Melissa Roxas, the Filipino-American activist who was abducted along with two others on May 19, purportedly wrote this undated email message. Bulatlat.com is reposting it because it provides a glimpse into her character and might help explain why an American like her would be spending time in the remote villages of the Philippines, trying to help the poor.
I want to share a story that particularly moved me about 14-year-old Adel. Adel was ten years old when her parents, were abducted and murdered by Philippine military soldiers. Her father, Expedito Albarillo was an active coordinator of Bayan Muna (a progressive political party list) in the town of San Teodoro, Mindoro Oriental. Her mother, Manuela, was an active member of Gabriela (a progressive women’s organization) in the same town. Adel told the story of how her mother hid her so the military would not know she was in the house. She heard her mother tell the military soldier to wait until she can get changed but the soldier told her not to bother because she would be killed. She peeked from where she was hidden and saw a soldier hit her father on the leg with a gun because he refused to come with them. Adel said she watched the military drag her parents outside the house and to the nearby hills. She said she felt very afraid, terrified. Later she heard successive gunshots from the direction where her parents were brought and she went outside to go find other family members in the town. They sent a team to look for her parents and when they later found them, she said they were shocked to find the bodies in the state they were in. Her father’s left eye was gouged out with a knife and gunshot wounds were found on his armpit and side. Her mother’s neck was shattered due to a gunshot below her left eye and she had other gunshot wounds in her armpit.
After the incident Adel had to go through therapy because of the trauma. She is only one of the many children that lost their parents due to military aggression. Eden Marcellana, then secretary general of Karapatan became her second mother, as Eden was to many families who became victims of human rights violations. But because Eden was outspokenly critical of the string of human rights violations cases committed against hapless peasants, Mangyan families and leaders and members of progressive groups in Mindoro, she too became a victim of kidnapping and murder. Adel and other children lost their second mother and the area lost another dedicated human rights worker.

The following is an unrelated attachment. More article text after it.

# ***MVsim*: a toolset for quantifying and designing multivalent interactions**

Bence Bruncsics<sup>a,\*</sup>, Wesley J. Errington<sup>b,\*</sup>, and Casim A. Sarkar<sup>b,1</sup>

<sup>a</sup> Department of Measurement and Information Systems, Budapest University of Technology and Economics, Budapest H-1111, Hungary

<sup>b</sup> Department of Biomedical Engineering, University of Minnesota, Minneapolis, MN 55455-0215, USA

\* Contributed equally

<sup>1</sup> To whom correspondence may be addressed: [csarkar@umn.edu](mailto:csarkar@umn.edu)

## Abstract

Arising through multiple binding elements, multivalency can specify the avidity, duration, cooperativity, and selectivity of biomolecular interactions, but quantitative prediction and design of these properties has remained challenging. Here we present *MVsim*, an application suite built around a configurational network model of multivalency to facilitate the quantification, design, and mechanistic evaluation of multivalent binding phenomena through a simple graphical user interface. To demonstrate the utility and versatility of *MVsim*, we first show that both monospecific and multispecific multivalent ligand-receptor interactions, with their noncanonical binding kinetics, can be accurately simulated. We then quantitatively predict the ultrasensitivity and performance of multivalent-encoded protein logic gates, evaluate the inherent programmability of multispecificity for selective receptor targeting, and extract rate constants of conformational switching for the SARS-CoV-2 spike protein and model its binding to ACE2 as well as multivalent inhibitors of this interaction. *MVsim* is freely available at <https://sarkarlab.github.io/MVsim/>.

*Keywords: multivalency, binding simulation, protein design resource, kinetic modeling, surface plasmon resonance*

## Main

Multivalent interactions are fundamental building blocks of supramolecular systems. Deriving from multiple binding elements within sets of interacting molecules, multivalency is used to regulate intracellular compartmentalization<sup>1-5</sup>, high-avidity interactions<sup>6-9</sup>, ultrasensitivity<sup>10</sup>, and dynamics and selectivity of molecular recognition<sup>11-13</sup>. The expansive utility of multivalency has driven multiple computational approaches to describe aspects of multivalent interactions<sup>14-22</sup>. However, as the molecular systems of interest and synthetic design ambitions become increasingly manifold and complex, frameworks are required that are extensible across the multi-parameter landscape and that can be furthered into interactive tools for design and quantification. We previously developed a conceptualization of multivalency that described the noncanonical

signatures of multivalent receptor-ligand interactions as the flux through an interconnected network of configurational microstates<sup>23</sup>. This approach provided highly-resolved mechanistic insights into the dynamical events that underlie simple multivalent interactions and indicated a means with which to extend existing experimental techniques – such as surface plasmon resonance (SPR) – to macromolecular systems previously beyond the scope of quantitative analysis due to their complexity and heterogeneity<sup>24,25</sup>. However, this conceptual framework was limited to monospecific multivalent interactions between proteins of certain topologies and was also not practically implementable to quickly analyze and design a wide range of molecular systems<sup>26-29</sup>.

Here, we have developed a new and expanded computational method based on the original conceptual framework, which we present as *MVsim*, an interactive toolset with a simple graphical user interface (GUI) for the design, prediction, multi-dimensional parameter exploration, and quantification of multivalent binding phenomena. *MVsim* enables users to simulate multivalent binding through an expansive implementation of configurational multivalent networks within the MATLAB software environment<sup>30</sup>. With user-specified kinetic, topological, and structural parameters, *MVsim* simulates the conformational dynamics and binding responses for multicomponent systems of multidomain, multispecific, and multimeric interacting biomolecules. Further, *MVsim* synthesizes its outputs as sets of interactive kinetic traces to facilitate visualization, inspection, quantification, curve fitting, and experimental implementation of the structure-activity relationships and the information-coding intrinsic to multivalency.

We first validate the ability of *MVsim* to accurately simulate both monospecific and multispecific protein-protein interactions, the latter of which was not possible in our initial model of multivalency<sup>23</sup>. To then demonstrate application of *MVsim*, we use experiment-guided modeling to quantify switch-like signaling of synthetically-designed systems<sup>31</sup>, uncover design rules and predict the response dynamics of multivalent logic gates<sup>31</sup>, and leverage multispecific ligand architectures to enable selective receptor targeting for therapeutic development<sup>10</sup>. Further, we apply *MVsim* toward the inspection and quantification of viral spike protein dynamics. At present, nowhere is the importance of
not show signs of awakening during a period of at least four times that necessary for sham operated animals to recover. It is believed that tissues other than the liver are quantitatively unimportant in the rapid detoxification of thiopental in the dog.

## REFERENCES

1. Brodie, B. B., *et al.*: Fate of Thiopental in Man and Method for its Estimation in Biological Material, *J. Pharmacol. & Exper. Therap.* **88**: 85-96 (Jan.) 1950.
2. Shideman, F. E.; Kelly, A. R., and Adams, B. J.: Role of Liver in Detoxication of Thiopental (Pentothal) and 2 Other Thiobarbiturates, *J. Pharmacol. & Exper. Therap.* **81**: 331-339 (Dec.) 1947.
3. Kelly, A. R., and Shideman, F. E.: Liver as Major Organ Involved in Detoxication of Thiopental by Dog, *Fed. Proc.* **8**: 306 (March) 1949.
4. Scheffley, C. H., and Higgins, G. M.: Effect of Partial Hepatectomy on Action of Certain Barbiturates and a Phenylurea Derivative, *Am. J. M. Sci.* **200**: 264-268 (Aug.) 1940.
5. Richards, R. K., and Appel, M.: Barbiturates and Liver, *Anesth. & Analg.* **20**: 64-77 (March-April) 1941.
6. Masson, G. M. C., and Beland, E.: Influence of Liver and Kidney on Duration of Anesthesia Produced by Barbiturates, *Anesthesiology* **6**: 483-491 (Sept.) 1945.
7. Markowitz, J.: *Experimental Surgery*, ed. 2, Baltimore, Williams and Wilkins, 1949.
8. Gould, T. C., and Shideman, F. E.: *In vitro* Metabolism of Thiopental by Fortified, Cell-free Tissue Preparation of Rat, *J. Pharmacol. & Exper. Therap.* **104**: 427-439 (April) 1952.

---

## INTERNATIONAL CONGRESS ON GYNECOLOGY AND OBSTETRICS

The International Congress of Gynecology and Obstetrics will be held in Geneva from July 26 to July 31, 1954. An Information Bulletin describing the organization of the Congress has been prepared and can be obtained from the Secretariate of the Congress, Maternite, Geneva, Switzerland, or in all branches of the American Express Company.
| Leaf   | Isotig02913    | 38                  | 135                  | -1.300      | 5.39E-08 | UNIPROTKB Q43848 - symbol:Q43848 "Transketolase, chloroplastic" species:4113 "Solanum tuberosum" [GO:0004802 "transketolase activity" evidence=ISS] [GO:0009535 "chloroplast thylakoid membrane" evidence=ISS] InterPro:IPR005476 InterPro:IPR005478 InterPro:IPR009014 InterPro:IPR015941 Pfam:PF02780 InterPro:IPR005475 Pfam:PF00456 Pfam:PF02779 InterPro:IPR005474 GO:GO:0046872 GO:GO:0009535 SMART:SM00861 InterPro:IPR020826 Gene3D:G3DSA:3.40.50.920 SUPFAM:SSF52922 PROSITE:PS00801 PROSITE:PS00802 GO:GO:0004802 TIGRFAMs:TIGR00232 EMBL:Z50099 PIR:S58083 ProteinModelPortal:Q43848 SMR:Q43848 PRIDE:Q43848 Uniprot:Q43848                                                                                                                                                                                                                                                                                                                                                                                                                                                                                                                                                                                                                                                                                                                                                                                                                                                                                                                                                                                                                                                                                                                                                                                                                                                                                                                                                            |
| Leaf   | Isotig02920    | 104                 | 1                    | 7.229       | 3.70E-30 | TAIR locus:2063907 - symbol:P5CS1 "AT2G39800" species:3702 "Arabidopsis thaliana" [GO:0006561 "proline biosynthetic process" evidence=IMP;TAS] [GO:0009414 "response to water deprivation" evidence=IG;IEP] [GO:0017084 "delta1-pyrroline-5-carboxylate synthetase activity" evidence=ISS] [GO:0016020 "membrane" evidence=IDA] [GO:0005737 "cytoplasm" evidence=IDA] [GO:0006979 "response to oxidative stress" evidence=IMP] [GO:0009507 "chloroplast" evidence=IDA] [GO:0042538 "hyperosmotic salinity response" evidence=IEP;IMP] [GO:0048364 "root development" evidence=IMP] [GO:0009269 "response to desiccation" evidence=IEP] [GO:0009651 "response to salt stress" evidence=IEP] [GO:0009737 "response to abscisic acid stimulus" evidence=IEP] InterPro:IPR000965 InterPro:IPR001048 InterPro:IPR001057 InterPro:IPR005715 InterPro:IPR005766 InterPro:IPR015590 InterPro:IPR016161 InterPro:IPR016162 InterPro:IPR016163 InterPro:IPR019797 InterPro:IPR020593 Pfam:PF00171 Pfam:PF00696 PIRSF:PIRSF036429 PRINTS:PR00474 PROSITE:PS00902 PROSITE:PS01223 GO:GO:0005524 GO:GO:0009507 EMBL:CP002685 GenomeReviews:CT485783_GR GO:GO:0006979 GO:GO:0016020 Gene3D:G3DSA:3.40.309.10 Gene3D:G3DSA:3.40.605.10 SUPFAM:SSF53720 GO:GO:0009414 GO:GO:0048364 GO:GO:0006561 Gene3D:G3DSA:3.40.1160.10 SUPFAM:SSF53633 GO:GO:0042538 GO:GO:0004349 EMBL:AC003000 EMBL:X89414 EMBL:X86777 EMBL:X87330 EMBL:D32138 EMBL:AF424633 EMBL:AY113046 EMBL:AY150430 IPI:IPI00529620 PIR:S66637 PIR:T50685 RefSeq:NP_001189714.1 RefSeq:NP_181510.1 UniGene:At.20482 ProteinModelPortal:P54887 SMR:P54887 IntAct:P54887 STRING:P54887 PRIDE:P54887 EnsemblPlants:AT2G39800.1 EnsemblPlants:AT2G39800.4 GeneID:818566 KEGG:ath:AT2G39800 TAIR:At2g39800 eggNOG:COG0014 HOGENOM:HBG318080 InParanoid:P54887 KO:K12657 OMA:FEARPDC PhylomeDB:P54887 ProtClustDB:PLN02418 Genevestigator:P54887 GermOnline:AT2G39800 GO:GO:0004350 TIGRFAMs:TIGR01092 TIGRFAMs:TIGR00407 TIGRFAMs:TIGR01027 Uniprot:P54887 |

We visited the sites where some of the victim’s bodies were found and also saw photographs of the scene. All the delegates professed their determination to tell the whole world about what they saw because these crimes against humanity have to stop. Adel and her older brother continue the work that their parents had begun and continue to condemn the militarization of countrysides and expose the crimes of the military and Arroyo administration. Even after having lost her parents, and her friends to these heinous crimes, Adel continues to work for change in the country, continues to defend the working poor, peasants, and those who the government have let down. All of the delegates, including myself, drew so much inspiration from this 14 year old girl and we asked ourselves, for us who do not live under direct repression, what can we do? And all vowed to remain dedicated to telling these stories and put pressure on our own governments to stop support of the Arroyo regime.
Unfortunately, this story is only one of many from the island of Mindoro and throughout the Philippines. Even the ISM team from Mindoro experienced different forms of harassment from local police and military as we traveled through the area. We experienced harassment at checkpoints and were followed—we got a taste of what locals must go through everyday. Many testimonies were heard by the other four teams who visited Hacienda Luisita, Central Luzon, Samar Island in Eastern Visayas, and Surigao del Sur in Mindanao.
Throughout this trip I cried many times and was deeply affected by such injustice. Also outraged that here in America, our taxpayer dollars are going to support repressive regimes like Arroyo’s. The U.S. provides financial support and training for Philippine troops. I am outraged that instead of using our hard earned tax dollars on helping the survivors of Hurricane Katrina, it goes abroad to fund wars of aggression in Iraq and the Philippines.
After this experience I began to really understand why people say that Philippines is in a current state of undeclared martial law. The Arroyo administration and the military act under a culture of impunity – immune from any punishment and immune from the rule of law that they say they are defending. Like the Marcos years (Philippine dictator until 1986), people’s civil rights are compromised and any opposition to the government is crushed – except that Arroyo is using the pretext of the “war on terror” to suppress legitimate dissent. Like what happened in Hacienda Luisita, where striking sugarcane workers and peasants were asking for better wages and benefits, were massacred by the military and local police. What justice is there for the victims? Until now they are still fighting for those benefits and until now there has been no punishment for the military and police.
Thank you for listening. At this point, I feel my responsibility is to tell as many people as possible about what I’ve seen, and as a writer write as much as I can about what I’ve seen. And most importantly take action.
I remain profoundly changed by this experienced and hope that even with these poor poets words, I can help spread awareness about these issues and tell the stories that were entrusted to me, that literally was paid for by the victims with sweat and blood.
Thank you fellow poets. Please keep in touch. I miss you all.